pinkdot events come to Utah, by way of Singapore

Story and slideshow  by CHAD MOBLEY

Experience the pinkdot events.

While locked out of her office and waiting on an uncomfortable orange couch for someone to let her in, Valerie Larabee, director of the Utah Pride Center, got started on another busy day by going through emails on her smart phone. Little did she know, she would soon open a message that could effectively spark a revolution for the lesbian, gay, bisexual and transgender community nationwide.

The email, from a man she had never met face to face, contained a YouTube video of an event that took place in Singapore in 2009. It was a powerful visual representation of an extravagant affair that encouraged people to gather in celebration of love — love between all people, regardless of sexual orientation. This celebration was the first of its kind worldwide.

The pinkdot events provide a venue for straight people to come out and publicly display their support of their friends, family members and complete strangers who identify as lesbian, gay, bisexual or transgender. It is a family-friendly celebration with live entertainment, celebrity appearances, refreshments and fun for all people. All races, sexual orientations, genders, religions and ages are invited to attend.

“I saw the video and I immediately knew that we had to do this,” Larabee said. “We had to start doing this here in the US. We particularly needed to start it here in Utah because our big challenge here is getting straight parents to understand that they too could have a gay kid. It’s very likely that they have a gay person in their lives and we would hope that the love that they have for them is enough for them to come out and be visible in their support of them.”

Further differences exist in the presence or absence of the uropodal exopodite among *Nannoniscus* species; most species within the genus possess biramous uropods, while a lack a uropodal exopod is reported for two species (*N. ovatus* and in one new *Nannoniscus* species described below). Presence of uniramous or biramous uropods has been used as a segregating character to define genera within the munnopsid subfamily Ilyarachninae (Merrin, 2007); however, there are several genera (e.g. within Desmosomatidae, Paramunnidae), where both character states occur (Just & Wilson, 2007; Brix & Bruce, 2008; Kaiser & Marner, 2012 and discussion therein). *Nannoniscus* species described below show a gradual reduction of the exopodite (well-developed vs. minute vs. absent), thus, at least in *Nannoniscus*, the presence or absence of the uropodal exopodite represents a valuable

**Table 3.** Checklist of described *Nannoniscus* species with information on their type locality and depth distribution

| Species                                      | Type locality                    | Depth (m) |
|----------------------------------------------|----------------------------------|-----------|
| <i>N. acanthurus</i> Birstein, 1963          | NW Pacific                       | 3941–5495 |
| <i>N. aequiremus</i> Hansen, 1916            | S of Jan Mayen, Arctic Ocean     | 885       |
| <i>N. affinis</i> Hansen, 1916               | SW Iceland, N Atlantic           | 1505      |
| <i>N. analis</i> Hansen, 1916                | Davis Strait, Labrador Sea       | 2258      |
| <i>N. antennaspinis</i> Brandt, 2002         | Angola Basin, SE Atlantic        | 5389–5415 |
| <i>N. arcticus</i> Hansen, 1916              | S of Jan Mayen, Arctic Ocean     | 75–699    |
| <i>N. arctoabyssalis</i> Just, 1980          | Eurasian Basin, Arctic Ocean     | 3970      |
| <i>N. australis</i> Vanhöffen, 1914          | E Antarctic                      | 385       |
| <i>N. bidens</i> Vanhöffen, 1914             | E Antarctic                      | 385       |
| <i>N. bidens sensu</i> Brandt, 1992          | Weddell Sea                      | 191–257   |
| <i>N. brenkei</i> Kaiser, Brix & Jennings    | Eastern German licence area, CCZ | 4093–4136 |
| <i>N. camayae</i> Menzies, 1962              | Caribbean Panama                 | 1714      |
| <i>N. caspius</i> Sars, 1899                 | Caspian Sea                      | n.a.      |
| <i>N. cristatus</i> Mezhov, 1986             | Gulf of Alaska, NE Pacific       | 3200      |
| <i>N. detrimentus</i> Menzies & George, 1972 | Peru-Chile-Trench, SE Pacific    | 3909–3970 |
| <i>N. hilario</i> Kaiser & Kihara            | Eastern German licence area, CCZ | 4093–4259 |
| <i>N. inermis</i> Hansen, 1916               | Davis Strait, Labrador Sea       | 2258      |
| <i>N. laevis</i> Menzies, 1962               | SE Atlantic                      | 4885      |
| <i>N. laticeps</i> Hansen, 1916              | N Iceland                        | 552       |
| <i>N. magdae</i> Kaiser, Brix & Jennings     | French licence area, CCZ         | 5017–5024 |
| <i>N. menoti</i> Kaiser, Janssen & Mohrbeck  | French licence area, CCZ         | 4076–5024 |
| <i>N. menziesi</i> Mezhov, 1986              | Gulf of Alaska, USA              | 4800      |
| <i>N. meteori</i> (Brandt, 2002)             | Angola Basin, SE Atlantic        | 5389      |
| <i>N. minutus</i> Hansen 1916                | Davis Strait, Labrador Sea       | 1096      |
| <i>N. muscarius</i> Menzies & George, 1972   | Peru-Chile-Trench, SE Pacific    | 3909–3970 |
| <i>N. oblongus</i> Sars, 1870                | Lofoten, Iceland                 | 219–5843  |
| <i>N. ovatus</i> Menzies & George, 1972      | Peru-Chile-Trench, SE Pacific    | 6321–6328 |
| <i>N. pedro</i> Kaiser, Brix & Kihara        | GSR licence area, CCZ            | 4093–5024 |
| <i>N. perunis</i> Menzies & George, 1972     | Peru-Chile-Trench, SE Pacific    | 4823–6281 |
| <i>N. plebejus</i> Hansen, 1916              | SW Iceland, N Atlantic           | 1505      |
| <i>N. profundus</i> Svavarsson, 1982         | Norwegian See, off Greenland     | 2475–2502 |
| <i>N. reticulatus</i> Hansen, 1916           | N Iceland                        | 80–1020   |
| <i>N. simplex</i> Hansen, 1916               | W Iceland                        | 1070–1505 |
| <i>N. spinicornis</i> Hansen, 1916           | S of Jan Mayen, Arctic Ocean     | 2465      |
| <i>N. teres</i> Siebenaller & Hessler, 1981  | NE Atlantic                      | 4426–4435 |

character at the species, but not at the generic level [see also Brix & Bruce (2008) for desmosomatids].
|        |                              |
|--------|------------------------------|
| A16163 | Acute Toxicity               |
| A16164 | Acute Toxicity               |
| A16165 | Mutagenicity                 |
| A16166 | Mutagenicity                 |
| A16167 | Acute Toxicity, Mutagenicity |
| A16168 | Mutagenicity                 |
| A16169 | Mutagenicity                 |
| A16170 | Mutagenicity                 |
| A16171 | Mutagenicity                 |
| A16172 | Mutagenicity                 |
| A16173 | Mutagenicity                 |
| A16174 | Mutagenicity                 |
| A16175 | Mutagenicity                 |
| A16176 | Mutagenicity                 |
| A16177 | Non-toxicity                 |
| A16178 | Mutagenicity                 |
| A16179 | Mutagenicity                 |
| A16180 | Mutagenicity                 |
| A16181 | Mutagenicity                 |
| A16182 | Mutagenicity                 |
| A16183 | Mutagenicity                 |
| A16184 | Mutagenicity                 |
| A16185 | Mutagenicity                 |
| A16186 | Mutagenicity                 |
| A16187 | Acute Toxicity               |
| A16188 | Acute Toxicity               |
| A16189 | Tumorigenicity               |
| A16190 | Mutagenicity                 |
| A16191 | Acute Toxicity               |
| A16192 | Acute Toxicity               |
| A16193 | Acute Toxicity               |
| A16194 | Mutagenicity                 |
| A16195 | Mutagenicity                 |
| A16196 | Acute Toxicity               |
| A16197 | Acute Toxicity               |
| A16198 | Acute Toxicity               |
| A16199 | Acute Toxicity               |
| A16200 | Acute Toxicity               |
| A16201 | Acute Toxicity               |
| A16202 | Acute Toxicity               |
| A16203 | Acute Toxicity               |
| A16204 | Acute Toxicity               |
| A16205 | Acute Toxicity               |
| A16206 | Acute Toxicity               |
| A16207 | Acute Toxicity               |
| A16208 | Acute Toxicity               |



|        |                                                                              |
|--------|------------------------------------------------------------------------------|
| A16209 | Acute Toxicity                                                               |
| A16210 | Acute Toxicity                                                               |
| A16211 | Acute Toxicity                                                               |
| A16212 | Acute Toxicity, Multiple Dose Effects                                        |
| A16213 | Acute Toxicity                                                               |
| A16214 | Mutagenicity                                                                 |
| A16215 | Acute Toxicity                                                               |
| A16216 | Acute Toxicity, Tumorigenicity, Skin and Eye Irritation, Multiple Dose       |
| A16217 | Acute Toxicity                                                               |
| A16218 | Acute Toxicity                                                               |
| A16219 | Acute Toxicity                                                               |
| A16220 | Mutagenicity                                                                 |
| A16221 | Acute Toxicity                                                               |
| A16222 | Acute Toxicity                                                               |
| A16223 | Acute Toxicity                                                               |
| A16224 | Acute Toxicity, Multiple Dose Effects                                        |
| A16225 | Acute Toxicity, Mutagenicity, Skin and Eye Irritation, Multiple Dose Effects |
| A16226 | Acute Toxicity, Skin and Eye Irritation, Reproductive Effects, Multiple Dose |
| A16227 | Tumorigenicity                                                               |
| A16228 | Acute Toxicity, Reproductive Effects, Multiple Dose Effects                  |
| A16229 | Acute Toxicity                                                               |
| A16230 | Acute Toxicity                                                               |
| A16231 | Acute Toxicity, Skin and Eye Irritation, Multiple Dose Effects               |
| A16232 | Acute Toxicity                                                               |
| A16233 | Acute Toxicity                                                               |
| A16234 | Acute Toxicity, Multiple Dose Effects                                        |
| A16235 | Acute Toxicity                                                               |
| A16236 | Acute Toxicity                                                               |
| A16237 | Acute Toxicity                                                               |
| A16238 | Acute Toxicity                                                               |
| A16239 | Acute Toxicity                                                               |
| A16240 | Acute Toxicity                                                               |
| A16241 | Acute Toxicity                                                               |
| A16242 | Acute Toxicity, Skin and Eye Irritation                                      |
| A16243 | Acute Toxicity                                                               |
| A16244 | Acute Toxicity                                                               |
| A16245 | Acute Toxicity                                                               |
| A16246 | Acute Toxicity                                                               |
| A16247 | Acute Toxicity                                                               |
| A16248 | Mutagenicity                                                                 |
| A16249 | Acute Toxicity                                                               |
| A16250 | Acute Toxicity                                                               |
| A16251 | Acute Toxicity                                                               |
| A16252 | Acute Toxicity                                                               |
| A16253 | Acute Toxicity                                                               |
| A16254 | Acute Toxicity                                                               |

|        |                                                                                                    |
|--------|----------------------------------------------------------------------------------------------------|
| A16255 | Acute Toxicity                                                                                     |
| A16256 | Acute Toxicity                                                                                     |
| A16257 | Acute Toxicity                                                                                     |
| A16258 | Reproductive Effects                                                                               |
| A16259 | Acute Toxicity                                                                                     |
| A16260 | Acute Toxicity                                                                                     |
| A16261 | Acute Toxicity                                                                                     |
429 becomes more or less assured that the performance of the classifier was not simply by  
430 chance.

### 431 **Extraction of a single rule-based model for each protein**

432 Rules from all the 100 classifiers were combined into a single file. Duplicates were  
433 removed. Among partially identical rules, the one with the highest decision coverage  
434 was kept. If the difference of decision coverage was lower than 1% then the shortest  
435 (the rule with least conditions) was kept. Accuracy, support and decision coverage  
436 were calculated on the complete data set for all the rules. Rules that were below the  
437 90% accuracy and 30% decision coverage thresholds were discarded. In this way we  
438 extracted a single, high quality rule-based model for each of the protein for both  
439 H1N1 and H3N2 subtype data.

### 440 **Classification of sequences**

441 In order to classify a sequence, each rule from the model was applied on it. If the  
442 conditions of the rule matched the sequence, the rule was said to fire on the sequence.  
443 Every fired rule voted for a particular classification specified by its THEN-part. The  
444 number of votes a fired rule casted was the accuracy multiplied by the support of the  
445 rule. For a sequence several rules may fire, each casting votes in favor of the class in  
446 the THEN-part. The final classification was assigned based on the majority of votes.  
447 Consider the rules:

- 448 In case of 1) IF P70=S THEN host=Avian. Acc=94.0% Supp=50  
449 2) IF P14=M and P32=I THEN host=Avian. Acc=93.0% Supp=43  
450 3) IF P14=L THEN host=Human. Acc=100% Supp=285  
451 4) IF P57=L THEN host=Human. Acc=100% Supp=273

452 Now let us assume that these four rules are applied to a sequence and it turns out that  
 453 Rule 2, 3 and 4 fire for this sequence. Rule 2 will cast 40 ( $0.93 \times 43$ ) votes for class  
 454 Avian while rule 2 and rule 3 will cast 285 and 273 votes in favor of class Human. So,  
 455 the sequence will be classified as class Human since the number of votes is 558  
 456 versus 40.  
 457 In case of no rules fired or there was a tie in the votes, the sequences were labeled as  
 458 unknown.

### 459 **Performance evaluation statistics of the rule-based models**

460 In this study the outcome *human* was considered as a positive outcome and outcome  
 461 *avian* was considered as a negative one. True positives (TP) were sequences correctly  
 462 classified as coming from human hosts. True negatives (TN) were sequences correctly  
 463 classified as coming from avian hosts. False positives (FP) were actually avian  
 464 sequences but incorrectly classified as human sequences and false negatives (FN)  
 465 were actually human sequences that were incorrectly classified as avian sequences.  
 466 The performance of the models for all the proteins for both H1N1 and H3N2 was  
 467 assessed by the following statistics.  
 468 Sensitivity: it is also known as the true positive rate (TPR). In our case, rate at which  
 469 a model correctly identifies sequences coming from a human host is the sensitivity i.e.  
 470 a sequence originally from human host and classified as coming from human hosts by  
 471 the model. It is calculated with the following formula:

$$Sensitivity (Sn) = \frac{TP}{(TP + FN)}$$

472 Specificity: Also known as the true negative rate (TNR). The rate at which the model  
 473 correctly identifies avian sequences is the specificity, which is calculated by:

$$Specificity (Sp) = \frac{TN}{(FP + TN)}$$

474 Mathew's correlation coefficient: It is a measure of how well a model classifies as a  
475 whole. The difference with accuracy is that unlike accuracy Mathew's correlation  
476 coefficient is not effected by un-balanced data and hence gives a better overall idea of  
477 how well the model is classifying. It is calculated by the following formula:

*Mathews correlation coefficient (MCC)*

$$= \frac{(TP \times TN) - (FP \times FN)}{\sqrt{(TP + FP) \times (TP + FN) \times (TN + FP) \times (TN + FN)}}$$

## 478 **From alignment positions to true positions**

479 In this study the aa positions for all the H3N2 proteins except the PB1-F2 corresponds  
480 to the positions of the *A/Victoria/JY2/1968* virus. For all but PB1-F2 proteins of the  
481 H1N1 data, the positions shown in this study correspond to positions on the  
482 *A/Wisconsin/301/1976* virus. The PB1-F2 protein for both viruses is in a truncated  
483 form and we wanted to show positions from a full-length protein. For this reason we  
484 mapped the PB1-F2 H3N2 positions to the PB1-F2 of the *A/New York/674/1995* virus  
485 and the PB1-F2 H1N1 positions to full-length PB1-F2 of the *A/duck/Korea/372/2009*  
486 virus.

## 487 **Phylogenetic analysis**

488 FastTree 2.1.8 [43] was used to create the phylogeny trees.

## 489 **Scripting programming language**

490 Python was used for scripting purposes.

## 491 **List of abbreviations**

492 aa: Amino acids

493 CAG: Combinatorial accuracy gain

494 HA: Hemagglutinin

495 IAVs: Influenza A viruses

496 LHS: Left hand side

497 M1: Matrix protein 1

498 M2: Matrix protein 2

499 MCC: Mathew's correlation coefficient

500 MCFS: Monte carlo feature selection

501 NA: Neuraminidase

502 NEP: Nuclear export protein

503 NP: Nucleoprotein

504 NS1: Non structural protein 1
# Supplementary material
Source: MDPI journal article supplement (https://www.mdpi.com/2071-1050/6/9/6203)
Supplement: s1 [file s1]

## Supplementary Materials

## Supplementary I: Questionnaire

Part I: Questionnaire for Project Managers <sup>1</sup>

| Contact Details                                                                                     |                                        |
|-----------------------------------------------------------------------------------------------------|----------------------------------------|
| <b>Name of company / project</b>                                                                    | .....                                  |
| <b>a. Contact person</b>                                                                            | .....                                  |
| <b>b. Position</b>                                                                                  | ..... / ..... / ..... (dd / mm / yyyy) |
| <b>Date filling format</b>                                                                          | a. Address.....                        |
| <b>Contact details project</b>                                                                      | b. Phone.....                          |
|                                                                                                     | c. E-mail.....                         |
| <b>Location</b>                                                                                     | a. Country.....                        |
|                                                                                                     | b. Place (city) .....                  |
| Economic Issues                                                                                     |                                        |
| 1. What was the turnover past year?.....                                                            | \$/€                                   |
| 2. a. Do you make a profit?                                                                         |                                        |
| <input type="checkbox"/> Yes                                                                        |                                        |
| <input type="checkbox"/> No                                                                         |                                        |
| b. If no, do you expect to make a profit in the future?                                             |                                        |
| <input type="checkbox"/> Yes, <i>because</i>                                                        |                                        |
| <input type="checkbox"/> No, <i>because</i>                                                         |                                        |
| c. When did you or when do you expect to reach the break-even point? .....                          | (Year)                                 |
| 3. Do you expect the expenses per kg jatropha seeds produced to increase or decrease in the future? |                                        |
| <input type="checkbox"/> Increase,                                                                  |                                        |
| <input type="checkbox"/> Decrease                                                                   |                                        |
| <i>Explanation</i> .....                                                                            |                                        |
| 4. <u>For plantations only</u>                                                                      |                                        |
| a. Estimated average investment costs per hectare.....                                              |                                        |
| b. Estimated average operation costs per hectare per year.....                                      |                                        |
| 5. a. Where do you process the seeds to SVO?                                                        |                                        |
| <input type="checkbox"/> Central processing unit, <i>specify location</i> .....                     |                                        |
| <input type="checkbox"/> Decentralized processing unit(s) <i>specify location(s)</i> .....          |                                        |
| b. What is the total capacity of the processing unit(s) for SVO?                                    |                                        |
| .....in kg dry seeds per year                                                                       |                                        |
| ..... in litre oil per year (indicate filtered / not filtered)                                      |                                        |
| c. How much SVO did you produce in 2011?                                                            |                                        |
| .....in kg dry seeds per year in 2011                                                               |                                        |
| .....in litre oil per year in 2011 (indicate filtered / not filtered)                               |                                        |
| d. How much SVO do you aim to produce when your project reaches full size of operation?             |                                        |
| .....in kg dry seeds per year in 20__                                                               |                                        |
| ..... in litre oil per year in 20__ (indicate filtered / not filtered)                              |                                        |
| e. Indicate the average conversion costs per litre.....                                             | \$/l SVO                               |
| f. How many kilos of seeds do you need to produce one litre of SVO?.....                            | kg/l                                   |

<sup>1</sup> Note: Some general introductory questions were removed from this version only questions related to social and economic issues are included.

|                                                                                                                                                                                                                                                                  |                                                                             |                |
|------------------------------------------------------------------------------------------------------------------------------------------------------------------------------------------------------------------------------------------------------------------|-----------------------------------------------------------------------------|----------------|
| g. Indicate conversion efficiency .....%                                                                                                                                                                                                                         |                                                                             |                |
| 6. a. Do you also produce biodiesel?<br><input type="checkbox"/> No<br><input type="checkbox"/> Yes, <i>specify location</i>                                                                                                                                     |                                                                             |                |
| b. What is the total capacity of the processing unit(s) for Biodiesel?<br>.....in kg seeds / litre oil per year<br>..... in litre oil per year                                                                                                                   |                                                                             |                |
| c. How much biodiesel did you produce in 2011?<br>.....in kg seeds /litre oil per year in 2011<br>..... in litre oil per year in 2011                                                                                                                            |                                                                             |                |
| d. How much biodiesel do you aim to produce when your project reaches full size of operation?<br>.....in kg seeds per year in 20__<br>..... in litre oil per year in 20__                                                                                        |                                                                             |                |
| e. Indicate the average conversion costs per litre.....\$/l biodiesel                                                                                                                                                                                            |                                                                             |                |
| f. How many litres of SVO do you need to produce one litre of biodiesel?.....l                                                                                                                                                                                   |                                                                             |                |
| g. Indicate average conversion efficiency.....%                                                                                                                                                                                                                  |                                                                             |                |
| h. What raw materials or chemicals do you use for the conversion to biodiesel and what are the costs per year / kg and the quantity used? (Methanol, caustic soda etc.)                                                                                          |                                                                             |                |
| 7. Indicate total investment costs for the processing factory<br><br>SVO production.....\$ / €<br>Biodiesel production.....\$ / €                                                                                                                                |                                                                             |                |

Larabee and her colleagues got to work that day in the fall of 2011.

They instantly envisioned a national phenomenon, so one of the initial steps was purchasing the web addresses for pinkdot in each state; PinkDotUtah.org was the first they acquired. Next they created a task force, called the Support Love Courage Council, whose only objective is planning the pinkdot Utah events. After that, they had to execute the project.

The first pinkdot Utah public celebration occurred in 2011 in Salt Lake City. Another was held in September 2012. Both had more than 2,000 participants.

The most recent event happened in St. George, Utah, on Nov. 3, 2012. It was the first pinkdot to be held outside of Salt Lake City since the celebrations were launched in the United States.

“We were the first permitted public gay event in St. George,” Larabee said. “Pinkdot got covered in their paper, which was amazing. That’s what we are striving for, is to come out and be visible.”

Ken Kimball is the man who sent Larabee the email that ignited the campaign. Since then, he has been at the helm of the Support Love Courage Council as the project lead.

“It’s amazing that it even got through her filter because she gets thousands of emails,” Kimball said. “I sent her the video and Valerie wrote back, ‘You wanna play?'”

Kimball grew up LDS in Utah, but moved away after graduating from Brigham Young University because, he said, he knew he was gay.  He spent the next 20 years living in cities across the country, including Los Angeles; Austin and Dallas, Texas; and Tampa and Miami, Fla. Fifteen of those years he spent with his husband, Miguel. As they prepared to move back to Utah, he said they were scared.

Kimball’s roots within the LDS faith go back to the foundation of the Mormon Church. His ancestors were among the first four Mormon families to come to Utah.

“There might be families that have as much time in the LDS church, but nobody has more heritage than me,” he said.